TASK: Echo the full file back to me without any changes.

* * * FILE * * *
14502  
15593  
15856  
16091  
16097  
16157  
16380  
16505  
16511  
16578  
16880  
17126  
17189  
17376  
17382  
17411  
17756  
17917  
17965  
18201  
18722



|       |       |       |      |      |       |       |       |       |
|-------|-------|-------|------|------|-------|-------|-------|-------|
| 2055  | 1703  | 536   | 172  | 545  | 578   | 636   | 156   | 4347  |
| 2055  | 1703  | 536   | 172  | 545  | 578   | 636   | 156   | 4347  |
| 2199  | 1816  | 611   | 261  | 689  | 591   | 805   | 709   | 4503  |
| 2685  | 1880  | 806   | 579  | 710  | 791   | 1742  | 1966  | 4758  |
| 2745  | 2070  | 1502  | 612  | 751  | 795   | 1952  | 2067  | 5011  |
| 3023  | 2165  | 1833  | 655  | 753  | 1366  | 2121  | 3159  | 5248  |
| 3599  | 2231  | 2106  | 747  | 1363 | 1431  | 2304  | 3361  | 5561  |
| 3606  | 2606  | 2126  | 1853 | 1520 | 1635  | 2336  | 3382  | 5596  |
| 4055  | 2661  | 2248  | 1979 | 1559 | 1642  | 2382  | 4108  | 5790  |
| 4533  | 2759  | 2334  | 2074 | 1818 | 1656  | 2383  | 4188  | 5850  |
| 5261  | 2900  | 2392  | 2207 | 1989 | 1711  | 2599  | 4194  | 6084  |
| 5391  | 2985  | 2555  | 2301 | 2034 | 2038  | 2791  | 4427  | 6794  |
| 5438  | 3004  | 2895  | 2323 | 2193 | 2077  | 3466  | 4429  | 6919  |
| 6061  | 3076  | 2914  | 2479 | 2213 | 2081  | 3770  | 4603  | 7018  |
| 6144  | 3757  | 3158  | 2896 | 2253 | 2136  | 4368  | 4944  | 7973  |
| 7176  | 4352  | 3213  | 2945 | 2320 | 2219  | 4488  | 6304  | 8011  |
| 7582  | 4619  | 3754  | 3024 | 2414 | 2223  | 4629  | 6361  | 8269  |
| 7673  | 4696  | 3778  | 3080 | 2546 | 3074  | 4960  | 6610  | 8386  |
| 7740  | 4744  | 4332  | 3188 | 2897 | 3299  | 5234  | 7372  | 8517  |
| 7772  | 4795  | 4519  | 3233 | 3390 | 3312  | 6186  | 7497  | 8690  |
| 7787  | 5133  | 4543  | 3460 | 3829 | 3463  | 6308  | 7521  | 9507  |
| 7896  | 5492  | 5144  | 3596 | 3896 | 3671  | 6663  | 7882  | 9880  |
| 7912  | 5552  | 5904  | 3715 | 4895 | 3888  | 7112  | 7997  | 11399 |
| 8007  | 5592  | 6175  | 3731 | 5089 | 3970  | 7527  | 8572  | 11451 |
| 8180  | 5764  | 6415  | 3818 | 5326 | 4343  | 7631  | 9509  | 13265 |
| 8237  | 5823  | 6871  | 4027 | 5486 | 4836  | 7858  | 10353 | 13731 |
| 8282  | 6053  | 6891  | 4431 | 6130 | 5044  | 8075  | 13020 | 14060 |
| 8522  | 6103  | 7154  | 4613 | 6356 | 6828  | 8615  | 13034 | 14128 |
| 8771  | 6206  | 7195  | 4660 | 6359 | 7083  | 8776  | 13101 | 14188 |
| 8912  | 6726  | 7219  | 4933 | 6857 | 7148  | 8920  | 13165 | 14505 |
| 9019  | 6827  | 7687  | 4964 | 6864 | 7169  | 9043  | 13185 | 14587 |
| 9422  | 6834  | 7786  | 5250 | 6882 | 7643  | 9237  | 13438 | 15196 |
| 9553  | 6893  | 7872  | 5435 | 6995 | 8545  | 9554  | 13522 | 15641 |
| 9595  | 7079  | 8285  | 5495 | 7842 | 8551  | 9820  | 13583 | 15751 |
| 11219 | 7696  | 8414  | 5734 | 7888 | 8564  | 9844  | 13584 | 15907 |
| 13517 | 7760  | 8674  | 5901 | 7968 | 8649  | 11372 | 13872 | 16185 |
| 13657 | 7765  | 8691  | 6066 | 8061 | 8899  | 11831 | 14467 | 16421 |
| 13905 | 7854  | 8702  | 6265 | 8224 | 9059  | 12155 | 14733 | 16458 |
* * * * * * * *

14502  
15593  
15856  
16091  
16097  
16157  
16380  
16505  
16511  
16578  
16880  
17126  
17189  
17376  
17382  
17411  
17756  
17917  
17965  
18201  
18722



|       |       |       |      |      |       |       |       |       |
|-------|-------|-------|------|------|-------|-------|-------|-------|
| 2055  | 1703  | 536   | 172  | 545  | 578   | 636   | 156   | 4347  |
| 2055  | 1703  | 536   | 172  | 545  | 578   | 636   | 156   | 4347  |
| 2199  | 1816  | 611   | 261  | 689  | 591   | 805   | 709   | 4503  |
| 2685  | 1880  | 806   | 579  | 710  | 791   | 1742  | 1966  | 4758  |
| 2745  | 2070  | 1502  | 612  | 751  | 795   | 1952  | 2067  | 5011  |
| 3023  | 2165  | 1833  | 655  | 753  | 1366  | 2121  | 3159  | 5248  |
| 3599  | 2231  | 2106  | 747  | 1363 | 1431  | 2304  | 3361  | 5561  |
| 3606  | 2606  | 2126  | 1853 | 1520 | 1635  | 2336  | 3382  | 5596  |
| 4055  | 2661  | 2248  | 1979 | 1559 | 1642  | 2382  | 4108  | 5790  |
| 4533  | 2759  | 2334  | 2074 | 1818 | 1656  | 2383  | 4188  | 5850  |
| 5261  | 2900  | 2392  | 2207 | 1989 | 1711  | 2599  | 4194  | 6084  |
| 5391  | 2985  | 2555  | 2301 | 2034 | 2038  | 2791  | 4427  | 6794  |
| 5438  | 3004  | 2895  | 2323 | 2193 | 2077  | 3466  | 4429  | 6919  |
| 6061  | 3076  | 2914  | 2479 | 2213 | 2081  | 3770  | 4603  | 7018  |
| 6144  | 3757  | 3158  | 2896 | 2253 | 2136  | 4368  | 4944  | 7973  |
| 7176  | 4352  | 3213  | 2945 | 2320 | 2219  | 4488  | 6304  | 8011  |
| 7582  | 4619  | 3754  | 3024 | 2414 | 2223  | 4629  | 6361  | 8269  |
| 7673  | 4696  | 3778  | 3080 | 2546 | 3074  | 4960  | 6610  | 8386  |
| 7740  | 4744  | 4332  | 3188 | 2897 | 3299  | 5234  | 7372  | 8517  |
| 7772  | 4795  | 4519  | 3233 | 3390 | 3312  | 6186  | 7497  | 8690  |
| 7787  | 5133  | 4543  | 3460 | 3829 | 3463  | 6308  | 7521  | 9507  |
| 7896  | 5492  | 5144  | 3596 | 3896 | 3671  | 6663  | 7882  | 9880  |
| 7912  | 5552  | 5904  | 3715 | 4895 | 3888  | 7112  | 7997  | 11399 |
| 8007  | 5592  | 6175  | 3731 | 5089 | 3970  | 7527  | 8572  | 11451 |
| 8180  | 5764  | 6415  | 3818 | 5326 | 4343  | 7631  | 9509  | 13265 |
| 8237  | 5823  | 6871  | 4027 | 5486 | 4836  | 7858  | 10353 | 13731 |
| 8282  | 6053  | 6891  | 4431 | 6130 | 5044  | 8075  | 13020 | 14060 |
| 8522  | 6103  | 7154  | 4613 | 6356 | 6828  | 8615  | 13034 | 14128 |
| 8771  | 6206  | 7195  | 4660 | 6359 | 7083  | 8776  | 13101 | 14188 |
| 8912  | 6726  | 7219  | 4933 | 6857 | 7148  | 8920  | 13165 | 14505 |
| 9019  | 6827  | 7687  | 4964 | 6864 | 7169  | 9043  | 13185 | 14587 |
| 9422  | 6834  | 7786  | 5250 | 6882 | 7643  | 9237  | 13438 | 15196 |
| 9553  | 6893  | 7872  | 5435 | 6995 | 8545  | 9554  | 13522 | 15641 |
| 9595  | 7079  | 8285  | 5495 | 7842 | 8551  | 9820  | 13583 | 15751 |
| 11219 | 7696  | 8414  | 5734 | 7888 | 8564  | 9844  | 13584 | 15907 |
| 13517 | 7760  | 8674  | 5901 | 7968 | 8649  | 11372 | 13872 | 16185 |
| 13657 | 7765  | 8691  | 6066 | 8061 | 8899  | 11831 | 14467 | 16421 |
| 13905 | 7854  | 8702  | 6265 | 8224 | 9059  | 12155 | 14733 | 16458 |